But how much time do you spend observing the bugs?  How much information do you know about the habitat they like.  Frank Sawyer in his book “Nymphs and the trout” mentions the more you know about the bugs and their behavior the stronger you will be as a fly-fisherman.  I agree with this whole heartedly. 

  That morning sitting there on the rock sipping my coffee while   gazing upon the water, I turned my attention to the Japanese knotweed next to me, on a dew wet leaf I saw a tiny Trico.  I said to myself this could be a Trico morning for the trout later.  I grabbed my cell phone to take a photo of the male Trico dun as I do with a lot of other bugs for fly tying reasons.  I took the photo and allowed my eyes back to the water, a few minutes later l searched back to the Trico Dun, when I noticed a white glaze over the abdomen, I thought this was not a male, it must be a female, so I took a photo.  Then I witnessed something amazing the Dun was a male and was going through the transformation of becoming a spinner.  I watched as he wiggled free from his Dun body to become the last segment of his life a spinner, now I have witness a thousand times a nymph becoming a dun, but I have never seen a Dun mayfly become a spinner.  The Trico was now free of his body and was now drying off his wings, he was now larger than when he was a Dun.

  My eyes then left the Trico spinner and went searching through the Japanese knotweed for more Trico’s and there they were.  Hanging upside down on leaves and right-side up. All the Trico’s in the bushes were all going through the same change from Dun to spinner.  My eyes went back to the original Trico and as my eyes found him, he leaves for the water, this was approximately 10 – 15 minutes after he became a spinner, then the rest of the Trico’s started to follow him, one by one they started for the riffles in hopes of mating with a female.  Now Trico’s emerge the day before and flock to the vegetation so this transformation happens very fast. 

  Now I have educated myself one step further in my fly-fishing knowledge, knowing more about the Trico’s. All this by sitting and observing beyond the water.  This makes me think how much more do I need to know about the bugs.  Ask yourself how do Stoneflies emerge?   What type of home does a specific Caddis specie builds?  How much movement does a small olive mayfly nymph make under the water while emerging?  All these questions have answers and by finding the answer will make you a stronger fly-fisherman.  Example, I mentioned to you about the Trico turning white, well it wasn’t that it was a female, and no it wasn’t a gas bubble at the start of transformation, it was caused by the expanding appendages of his bigger body, stretching out his outer layer of skin. 

  In closing the more, you know about insect behavior the better edge you will have as a fly-fisherman!

 

 Photo below:  Trico Dun
 Photo below:  Trico expanding his appendages to emerge
 Photo below:  Trico emerging
 Photo below:  The finished product, a Trico Spinner. 
  October Caddis, Adult
   One of the flies I carry in my Fall box is the October Caddis, aka Great Autumn sedge, the Rainbows love this fly in the riffles, and it works for the Browns too!  I can use this fly in a dropper rig, as the indicator fly.  It's a must in ones fly box.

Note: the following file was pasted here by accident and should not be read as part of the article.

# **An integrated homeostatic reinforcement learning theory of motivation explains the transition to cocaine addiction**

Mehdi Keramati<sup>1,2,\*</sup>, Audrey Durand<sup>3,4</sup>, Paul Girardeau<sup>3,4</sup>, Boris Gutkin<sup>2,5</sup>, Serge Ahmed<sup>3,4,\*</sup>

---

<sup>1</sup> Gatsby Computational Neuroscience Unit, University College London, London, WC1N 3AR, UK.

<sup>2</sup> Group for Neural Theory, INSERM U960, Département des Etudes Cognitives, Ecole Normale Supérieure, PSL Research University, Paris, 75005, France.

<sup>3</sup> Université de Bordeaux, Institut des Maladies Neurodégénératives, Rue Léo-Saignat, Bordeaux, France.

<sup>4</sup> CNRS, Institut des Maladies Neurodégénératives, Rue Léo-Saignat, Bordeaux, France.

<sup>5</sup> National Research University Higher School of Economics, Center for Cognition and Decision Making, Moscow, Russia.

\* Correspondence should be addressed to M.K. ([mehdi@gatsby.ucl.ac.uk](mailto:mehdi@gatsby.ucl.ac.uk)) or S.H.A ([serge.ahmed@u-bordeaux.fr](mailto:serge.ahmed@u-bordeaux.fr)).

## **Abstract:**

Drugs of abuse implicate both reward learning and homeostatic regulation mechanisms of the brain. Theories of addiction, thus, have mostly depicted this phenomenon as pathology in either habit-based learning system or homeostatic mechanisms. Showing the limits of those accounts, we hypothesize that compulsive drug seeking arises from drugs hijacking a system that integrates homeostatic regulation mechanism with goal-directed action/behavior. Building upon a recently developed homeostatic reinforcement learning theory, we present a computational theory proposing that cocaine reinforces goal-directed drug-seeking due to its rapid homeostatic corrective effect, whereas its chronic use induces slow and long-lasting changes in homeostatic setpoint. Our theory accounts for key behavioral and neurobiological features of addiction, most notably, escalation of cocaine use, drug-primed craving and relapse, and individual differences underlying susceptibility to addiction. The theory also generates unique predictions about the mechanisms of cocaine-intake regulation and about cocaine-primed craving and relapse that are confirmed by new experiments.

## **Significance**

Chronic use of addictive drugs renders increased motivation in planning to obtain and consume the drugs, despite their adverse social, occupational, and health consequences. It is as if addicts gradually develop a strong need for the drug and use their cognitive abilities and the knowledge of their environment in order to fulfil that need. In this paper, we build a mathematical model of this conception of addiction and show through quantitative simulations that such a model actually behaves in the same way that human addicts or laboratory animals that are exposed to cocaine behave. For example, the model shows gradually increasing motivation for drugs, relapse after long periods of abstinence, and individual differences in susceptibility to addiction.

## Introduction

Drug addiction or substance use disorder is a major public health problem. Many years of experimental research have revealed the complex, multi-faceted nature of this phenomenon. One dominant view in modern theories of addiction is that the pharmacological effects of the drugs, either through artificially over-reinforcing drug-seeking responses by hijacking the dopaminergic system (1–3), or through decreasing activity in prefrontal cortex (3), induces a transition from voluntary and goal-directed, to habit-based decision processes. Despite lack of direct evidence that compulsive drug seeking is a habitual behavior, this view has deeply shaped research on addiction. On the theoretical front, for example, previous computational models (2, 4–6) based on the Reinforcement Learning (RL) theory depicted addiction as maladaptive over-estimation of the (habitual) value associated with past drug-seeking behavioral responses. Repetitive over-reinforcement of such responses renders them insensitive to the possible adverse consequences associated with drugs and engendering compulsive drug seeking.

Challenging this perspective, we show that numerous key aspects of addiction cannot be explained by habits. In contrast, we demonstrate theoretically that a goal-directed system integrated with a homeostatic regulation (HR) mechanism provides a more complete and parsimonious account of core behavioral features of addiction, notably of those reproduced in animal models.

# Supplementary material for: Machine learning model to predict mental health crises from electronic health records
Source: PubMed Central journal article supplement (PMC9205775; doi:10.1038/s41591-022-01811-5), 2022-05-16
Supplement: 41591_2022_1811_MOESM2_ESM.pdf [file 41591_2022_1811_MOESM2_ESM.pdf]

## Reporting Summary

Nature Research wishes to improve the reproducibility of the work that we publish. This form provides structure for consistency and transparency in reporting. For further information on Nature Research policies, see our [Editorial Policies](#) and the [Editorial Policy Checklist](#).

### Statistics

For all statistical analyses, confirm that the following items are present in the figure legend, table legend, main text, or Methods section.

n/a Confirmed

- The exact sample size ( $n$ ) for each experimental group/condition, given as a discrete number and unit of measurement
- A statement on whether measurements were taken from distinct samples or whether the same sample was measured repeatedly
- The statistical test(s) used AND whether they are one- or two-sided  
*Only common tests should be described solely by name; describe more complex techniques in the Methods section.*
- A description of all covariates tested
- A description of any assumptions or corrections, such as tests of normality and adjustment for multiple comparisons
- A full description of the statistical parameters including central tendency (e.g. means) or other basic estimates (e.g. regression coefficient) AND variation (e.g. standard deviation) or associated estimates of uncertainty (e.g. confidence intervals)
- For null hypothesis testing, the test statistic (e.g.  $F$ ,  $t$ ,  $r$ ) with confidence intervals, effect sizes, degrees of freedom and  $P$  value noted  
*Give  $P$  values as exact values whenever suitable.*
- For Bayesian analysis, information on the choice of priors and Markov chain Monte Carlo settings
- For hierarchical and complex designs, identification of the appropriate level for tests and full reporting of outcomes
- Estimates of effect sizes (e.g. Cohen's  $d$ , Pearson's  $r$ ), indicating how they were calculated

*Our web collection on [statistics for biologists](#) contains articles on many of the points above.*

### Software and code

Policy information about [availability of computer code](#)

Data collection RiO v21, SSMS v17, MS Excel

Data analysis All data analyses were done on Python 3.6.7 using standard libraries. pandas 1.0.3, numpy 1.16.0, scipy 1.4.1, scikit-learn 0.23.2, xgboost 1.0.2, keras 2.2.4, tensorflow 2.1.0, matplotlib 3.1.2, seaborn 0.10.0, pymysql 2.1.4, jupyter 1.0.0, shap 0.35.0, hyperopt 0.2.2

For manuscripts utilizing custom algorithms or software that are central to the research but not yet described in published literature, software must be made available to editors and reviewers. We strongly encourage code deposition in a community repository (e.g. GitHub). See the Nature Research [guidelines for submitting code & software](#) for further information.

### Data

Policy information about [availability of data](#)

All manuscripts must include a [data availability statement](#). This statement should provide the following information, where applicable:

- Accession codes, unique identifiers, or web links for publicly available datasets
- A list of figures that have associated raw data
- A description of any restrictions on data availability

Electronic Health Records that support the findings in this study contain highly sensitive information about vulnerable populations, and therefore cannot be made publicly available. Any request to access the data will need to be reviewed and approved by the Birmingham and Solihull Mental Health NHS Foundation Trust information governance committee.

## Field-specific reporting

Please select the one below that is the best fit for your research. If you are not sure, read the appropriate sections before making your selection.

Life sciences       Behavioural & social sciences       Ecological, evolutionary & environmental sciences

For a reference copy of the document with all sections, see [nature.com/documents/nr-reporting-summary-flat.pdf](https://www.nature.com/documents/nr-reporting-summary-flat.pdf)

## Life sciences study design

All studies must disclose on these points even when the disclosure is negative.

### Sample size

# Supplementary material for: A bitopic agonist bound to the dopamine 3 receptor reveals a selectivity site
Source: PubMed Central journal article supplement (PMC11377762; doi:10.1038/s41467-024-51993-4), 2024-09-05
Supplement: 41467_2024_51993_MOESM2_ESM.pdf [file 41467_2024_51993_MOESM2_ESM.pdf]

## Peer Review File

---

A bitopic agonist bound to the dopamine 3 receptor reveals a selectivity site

Hook:  Dry #10
Thread:  8/0 orange
Body:  Orange supher
Hackle:  Ginger barred
Wing:  Brown humpy deer or yearling elk

   Orange Cahill: Adult parachute

  Another Fall fly that I carry in my box from now to October is the Orange Cahill, a summer steno, I like the parachute for the riffles as it provides a great silhouette to the trout's eyes.  

Hook:  Dry 12-14
Thread:  Cream 8/0
body:  Pale yellow
Tails:  Ginger  microfibbets
Post:  white antron
Wing: Barred ginger

Beadhead Caddis Pupa:
When it comes to nymphing for caddis Hatches I like a lot of motion, so I use soft hackles in different colors, I use ostrich or Peacock herl, and a buggy dubbing.  For my bodies I like segmentation. Lately I have been twisting my bodies with Z-lon, Antron or Floss. I like to use ribbing such as Pearl crystal  flash for effect.  I have done well with this pattern as the trailer of a tandem rig when nymphing two nymph's.  This pattern is used when I think or see caddis emerging and the trout are not yet on top.

Hook:  Heavy scud, #16-12, photo is a #14
Bead:  Match the hook size, here it's 3/32 gold
Thread:  Match your dubbing, here it's Uni brown 8/0
Shuck: Amber Z-lon
Body:  Green floss,  Build a tapered body with floss, then twist it with hackle pliers.
Ribbing:  Pearl crystal flash
Thorax:  Brown or black Ostrich herl.
Wing:  Soft Hackle, Hen or Partridge, Photo is Cream Hen hackle
Head:  Life cycle brown

Tan Caddis Emerger:
I finally found a Tan Caddis emerger that works very well on the West Branch of the Delaware.  Through some time and testing I came up with this pattern.  It also works very well everywhere else.  I basically no longer use a adult pattern, or a Caddis X when the hatch is on.  I like this pattern for it offers a different look, plus with legs, shuck, bubble, and the CDC thorax there is a lot of realism and motion to fool the most educated trout. I like the bleached young elk hair as my indicator, which in turn can represent the wing. This is very similar to my Apple caddis.
Hook: #16 light scud or emerger
Thread: Tan 8/0 uni
Shuck:  Sparkle emerger yarn Amber
Body:  tan caddis fine dubbing
Bubble: White or Tan Zelon, note, I tye in the bubble leaving excess of about an inch over the eye of the hook, before placing the elk in as a wing . I split the excess bubble and bring them along the sides of the body, as if the bubble is coming off and or gives some sort of impression of wings. 
Wing: bleached yearling elk
Legs: Partridge
Thorax:  Trouthunter- CDC dubbing light brown.